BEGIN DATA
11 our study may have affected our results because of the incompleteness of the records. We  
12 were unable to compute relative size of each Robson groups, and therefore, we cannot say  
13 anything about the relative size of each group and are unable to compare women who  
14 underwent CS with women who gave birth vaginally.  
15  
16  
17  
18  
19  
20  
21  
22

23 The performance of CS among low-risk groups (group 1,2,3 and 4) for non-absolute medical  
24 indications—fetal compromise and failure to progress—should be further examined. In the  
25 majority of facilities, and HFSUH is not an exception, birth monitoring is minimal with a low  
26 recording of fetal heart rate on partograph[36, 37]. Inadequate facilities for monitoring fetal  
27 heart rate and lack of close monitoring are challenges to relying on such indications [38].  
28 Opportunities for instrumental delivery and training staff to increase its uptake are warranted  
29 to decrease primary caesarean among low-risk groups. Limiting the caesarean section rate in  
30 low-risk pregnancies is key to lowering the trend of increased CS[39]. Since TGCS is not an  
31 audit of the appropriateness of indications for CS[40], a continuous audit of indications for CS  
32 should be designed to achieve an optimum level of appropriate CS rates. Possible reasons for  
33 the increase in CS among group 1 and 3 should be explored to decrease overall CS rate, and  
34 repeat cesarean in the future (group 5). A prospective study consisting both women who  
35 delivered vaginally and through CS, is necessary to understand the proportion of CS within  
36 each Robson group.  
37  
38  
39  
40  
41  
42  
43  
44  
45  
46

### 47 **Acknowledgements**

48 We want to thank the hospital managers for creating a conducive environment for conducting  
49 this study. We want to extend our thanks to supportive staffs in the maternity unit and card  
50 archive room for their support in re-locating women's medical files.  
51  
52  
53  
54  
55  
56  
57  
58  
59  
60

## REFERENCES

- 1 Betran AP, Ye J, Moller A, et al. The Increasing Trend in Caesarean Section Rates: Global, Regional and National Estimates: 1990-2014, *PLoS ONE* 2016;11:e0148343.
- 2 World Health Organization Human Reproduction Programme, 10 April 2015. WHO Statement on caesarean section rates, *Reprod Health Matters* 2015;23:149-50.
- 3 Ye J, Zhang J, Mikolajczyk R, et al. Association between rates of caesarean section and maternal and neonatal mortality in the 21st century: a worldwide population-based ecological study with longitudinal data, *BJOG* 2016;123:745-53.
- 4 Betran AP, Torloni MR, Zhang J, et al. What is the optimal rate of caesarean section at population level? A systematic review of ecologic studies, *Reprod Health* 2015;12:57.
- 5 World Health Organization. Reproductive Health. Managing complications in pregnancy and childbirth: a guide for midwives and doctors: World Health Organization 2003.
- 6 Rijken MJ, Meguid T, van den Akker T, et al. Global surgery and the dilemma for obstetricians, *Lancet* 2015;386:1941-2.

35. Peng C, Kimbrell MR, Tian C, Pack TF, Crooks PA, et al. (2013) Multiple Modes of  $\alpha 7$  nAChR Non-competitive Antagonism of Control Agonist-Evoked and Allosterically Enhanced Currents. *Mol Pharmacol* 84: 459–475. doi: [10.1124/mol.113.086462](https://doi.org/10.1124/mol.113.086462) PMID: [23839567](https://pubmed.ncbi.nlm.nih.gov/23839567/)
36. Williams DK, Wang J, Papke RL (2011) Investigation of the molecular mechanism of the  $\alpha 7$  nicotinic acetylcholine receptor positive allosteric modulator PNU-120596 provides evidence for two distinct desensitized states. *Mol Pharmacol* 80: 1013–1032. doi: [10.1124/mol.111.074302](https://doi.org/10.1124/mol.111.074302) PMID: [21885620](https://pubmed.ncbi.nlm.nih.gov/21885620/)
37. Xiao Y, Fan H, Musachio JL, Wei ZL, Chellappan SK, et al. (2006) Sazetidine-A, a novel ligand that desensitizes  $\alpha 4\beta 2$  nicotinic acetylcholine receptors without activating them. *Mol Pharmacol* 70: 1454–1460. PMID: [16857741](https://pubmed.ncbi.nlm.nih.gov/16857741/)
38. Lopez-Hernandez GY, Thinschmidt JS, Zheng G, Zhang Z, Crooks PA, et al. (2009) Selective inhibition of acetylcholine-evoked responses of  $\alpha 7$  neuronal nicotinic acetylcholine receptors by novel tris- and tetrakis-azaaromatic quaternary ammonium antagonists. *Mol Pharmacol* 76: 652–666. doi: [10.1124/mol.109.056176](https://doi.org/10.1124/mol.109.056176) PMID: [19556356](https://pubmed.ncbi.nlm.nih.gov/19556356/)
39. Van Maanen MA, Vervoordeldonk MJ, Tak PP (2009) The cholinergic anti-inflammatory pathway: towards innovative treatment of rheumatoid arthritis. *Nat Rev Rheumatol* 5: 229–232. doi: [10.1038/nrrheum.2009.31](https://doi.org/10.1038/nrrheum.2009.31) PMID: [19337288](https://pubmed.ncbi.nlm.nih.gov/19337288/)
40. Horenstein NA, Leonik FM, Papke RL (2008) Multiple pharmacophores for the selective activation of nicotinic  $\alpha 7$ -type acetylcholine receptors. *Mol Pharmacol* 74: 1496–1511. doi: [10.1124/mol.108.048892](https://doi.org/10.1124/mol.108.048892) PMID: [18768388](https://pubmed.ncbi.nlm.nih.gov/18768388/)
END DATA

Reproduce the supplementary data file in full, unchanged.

11 our study may have affected our results because of the incompleteness of the records. We  
12 were unable to compute relative size of each Robson groups, and therefore, we cannot say  
13 anything about the relative size of each group and are unable to compare women who  
14 underwent CS with women who gave birth vaginally.  
15  
16  
17  
18  
19  
20  
21  
22

23 The performance of CS among low-risk groups (group 1,2,3 and 4) for non-absolute medical  
24 indications—fetal compromise and failure to progress—should be further examined. In the  
25 majority of facilities, and HFSUH is not an exception, birth monitoring is minimal with a low  
26 recording of fetal heart rate on partograph[36, 37]. Inadequate facilities for monitoring fetal  
27 heart rate and lack of close monitoring are challenges to relying on such indications [38].  
28 Opportunities for instrumental delivery and training staff to increase its uptake are warranted  
29 to decrease primary caesarean among low-risk groups. Limiting the caesarean section rate in  
30 low-risk pregnancies is key to lowering the trend of increased CS[39]. Since TGCS is not an  
31 audit of the appropriateness of indications for CS[40], a continuous audit of indications for CS  
32 should be designed to achieve an optimum level of appropriate CS rates. Possible reasons for  
33 the increase in CS among group 1 and 3 should be explored to decrease overall CS rate, and  
34 repeat cesarean in the future (group 5). A prospective study consisting both women who  
35 delivered vaginally and through CS, is necessary to understand the proportion of CS within  
36 each Robson group.  
37  
38  
39  
40  
41  
42  
43  
44  
45  
46

### 47 **Acknowledgements**

48 We want to thank the hospital managers for creating a conducive environment for conducting  
49 this study. We want to extend our thanks to supportive staffs in the maternity unit and card  
50 archive room for their support in re-locating women's medical files.  
51  
52  
53  
54  
55  
56  
57  
58  
59  
60

## REFERENCES

- 1 Betran AP, Ye J, Moller A, et al. The Increasing Trend in Caesarean Section Rates: Global, Regional and National Estimates: 1990-2014, *PLoS ONE* 2016;11:e0148343.
- 2 World Health Organization Human Reproduction Programme, 10 April 2015. WHO Statement on caesarean section rates, *Reprod Health Matters* 2015;23:149-50.
- 3 Ye J, Zhang J, Mikolajczyk R, et al. Association between rates of caesarean section and maternal and neonatal mortality in the 21st century: a worldwide population-based ecological study with longitudinal data, *BJOG* 2016;123:745-53.
- 4 Betran AP, Torloni MR, Zhang J, et al. What is the optimal rate of caesarean section at population level? A systematic review of ecologic studies, *Reprod Health* 2015;12:57.
- 5 World Health Organization. Reproductive Health. Managing complications in pregnancy and childbirth: a guide for midwives and doctors: World Health Organization 2003.
- 6 Rijken MJ, Meguid T, van den Akker T, et al. Global surgery and the dilemma for obstetricians, *Lancet* 2015;386:1941-2.

35. Peng C, Kimbrell MR, Tian C, Pack TF, Crooks PA, et al. (2013) Multiple Modes of  $\alpha 7$  nAChR Non-competitive Antagonism of Control Agonist-Evoked and Allosterically Enhanced Currents. *Mol Pharmacol* 84: 459–475. doi: [10.1124/mol.113.086462](https://doi.org/10.1124/mol.113.086462) PMID: [23839567](https://pubmed.ncbi.nlm.nih.gov/23839567/)
36. Williams DK, Wang J, Papke RL (2011) Investigation of the molecular mechanism of the  $\alpha 7$  nicotinic acetylcholine receptor positive allosteric modulator PNU-120596 provides evidence for two distinct desensitized states. *Mol Pharmacol* 80: 1013–1032. doi: [10.1124/mol.111.074302](https://doi.org/10.1124/mol.111.074302) PMID: [21885620](https://pubmed.ncbi.nlm.nih.gov/21885620/)
37. Xiao Y, Fan H, Musachio JL, Wei ZL, Chellappan SK, et al. (2006) Sazetidine-A, a novel ligand that desensitizes  $\alpha 4\beta 2$  nicotinic acetylcholine receptors without activating them. *Mol Pharmacol* 70: 1454–1460. PMID: [16857741](https://pubmed.ncbi.nlm.nih.gov/16857741/)
38. Lopez-Hernandez GY, Thinschmidt JS, Zheng G, Zhang Z, Crooks PA, et al. (2009) Selective inhibition of acetylcholine-evoked responses of  $\alpha 7$  neuronal nicotinic acetylcholine receptors by novel tris- and tetrakis-azaaromatic quaternary ammonium antagonists. *Mol Pharmacol* 76: 652–666. doi: [10.1124/mol.109.056176](https://doi.org/10.1124/mol.109.056176) PMID: [19556356](https://pubmed.ncbi.nlm.nih.gov/19556356/)
39. Van Maanen MA, Vervoordeldonk MJ, Tak PP (2009) The cholinergic anti-inflammatory pathway: towards innovative treatment of rheumatoid arthritis. *Nat Rev Rheumatol* 5: 229–232. doi: [10.1038/nrrheum.2009.31](https://doi.org/10.1038/nrrheum.2009.31) PMID: [19337288](https://pubmed.ncbi.nlm.nih.gov/19337288/)
40. Horenstein NA, Leonik FM, Papke RL (2008) Multiple pharmacophores for the selective activation of nicotinic  $\alpha 7$ -type acetylcholine receptors. *Mol Pharmacol* 74: 1496–1511. doi: [10.1124/mol.108.048892](https://doi.org/10.1124/mol.108.048892) PMID: [18768388](https://pubmed.ncbi.nlm.nih.gov/18768388/)